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Washington D.C. Employment Law Blog

EEOC OFO Reverses AJ and Finds Discrimination

Sharon Walker, Martha Larry, Merriom Hashim, Antoinette Clark, Sherry Mosley v. John M. McHugh, Secretary, Department of the Army

OFO Appeal Nos. 0120123054, 0120123055, 0120123056, 0120123057, 0120123058

We just won an appeal before the EEOC Office of Federal Operations in a case where we represent five African American nurses employed by the federal government who claimed they were discriminated against on the basis of their race when they were not considered for promotion to team lead positions.

VA Whistleblower In Minneapolis Alleges Wrongful Firing

Our client, Leticia Alonso, was formerly employed as a Medical Support Assistant Supervisor in the GI Department at the Minneapolis VA. In or around May 2014, she began reporting that GI consults were not being scheduled in a timely manner. Patients were to be contacted within 7 days and an appointment was to be scheduled within 14 days from the date of referral by a physician. Instead, Ms. Alonso reported consults were severely overdue, one as old as 46 days overdue. She also reported that she was being instructed to cancel patient appointments and enter false comments into the VA system, such as patient declined appointment, or no response from patient, when in fact the patient had never been called about the appointment and that certain more symptomatic patients were being placed on a secret waitlist instead of in the official VA system. Ms. Alonso alleges that as a result of her reports, on June 4, 2014, she received a notice of proposed removal and was subsequently removed from service on July 1, 2014.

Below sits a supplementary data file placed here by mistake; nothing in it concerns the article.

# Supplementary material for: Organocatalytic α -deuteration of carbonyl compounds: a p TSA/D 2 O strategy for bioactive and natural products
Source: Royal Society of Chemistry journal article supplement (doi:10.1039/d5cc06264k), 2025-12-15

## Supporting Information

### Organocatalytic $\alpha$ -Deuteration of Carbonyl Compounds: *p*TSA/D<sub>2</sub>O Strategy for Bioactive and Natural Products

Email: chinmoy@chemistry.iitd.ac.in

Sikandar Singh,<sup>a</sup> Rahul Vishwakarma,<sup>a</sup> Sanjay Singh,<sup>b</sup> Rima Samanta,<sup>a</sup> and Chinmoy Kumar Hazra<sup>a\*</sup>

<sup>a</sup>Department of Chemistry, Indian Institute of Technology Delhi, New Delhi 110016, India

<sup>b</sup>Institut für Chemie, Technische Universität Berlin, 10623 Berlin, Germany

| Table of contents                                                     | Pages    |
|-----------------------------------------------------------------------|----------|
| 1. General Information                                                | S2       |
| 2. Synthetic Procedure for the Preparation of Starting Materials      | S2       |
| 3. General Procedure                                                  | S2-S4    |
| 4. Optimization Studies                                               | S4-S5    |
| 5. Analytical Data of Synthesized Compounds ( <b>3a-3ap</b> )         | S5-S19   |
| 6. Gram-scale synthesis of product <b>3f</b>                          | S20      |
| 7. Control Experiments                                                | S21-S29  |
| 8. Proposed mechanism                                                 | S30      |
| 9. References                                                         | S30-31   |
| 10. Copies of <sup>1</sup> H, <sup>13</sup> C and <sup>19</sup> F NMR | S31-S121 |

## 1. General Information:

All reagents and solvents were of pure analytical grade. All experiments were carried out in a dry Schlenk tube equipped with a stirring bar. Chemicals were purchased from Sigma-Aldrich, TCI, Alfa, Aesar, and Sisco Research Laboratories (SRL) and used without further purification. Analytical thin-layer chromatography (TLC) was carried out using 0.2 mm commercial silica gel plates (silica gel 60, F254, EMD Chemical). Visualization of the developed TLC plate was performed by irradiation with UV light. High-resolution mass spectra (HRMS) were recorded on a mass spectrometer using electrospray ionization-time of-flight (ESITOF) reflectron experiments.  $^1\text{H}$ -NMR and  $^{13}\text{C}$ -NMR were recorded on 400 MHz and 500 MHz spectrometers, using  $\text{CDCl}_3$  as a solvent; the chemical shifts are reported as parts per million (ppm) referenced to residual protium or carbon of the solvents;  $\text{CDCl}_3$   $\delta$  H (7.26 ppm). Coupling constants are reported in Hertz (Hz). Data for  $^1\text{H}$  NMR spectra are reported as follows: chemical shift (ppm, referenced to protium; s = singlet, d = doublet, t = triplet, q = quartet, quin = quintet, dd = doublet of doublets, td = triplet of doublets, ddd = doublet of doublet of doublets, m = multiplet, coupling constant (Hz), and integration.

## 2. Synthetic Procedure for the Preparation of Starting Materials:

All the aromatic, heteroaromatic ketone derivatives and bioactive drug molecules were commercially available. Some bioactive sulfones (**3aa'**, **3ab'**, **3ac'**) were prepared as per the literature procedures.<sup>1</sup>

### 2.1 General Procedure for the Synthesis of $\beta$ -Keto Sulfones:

Nursing home settles lawsuit alleging overstated Medicaid reimbursement claims:

Federal and state laws prohibit healthcare providers from submitting overstated bills to the government.  These laws are generally called false claims act or qui tam cases and the person who blows the whistle may recover damages.  False claims can take many forms including overstated invoices and out and out theft.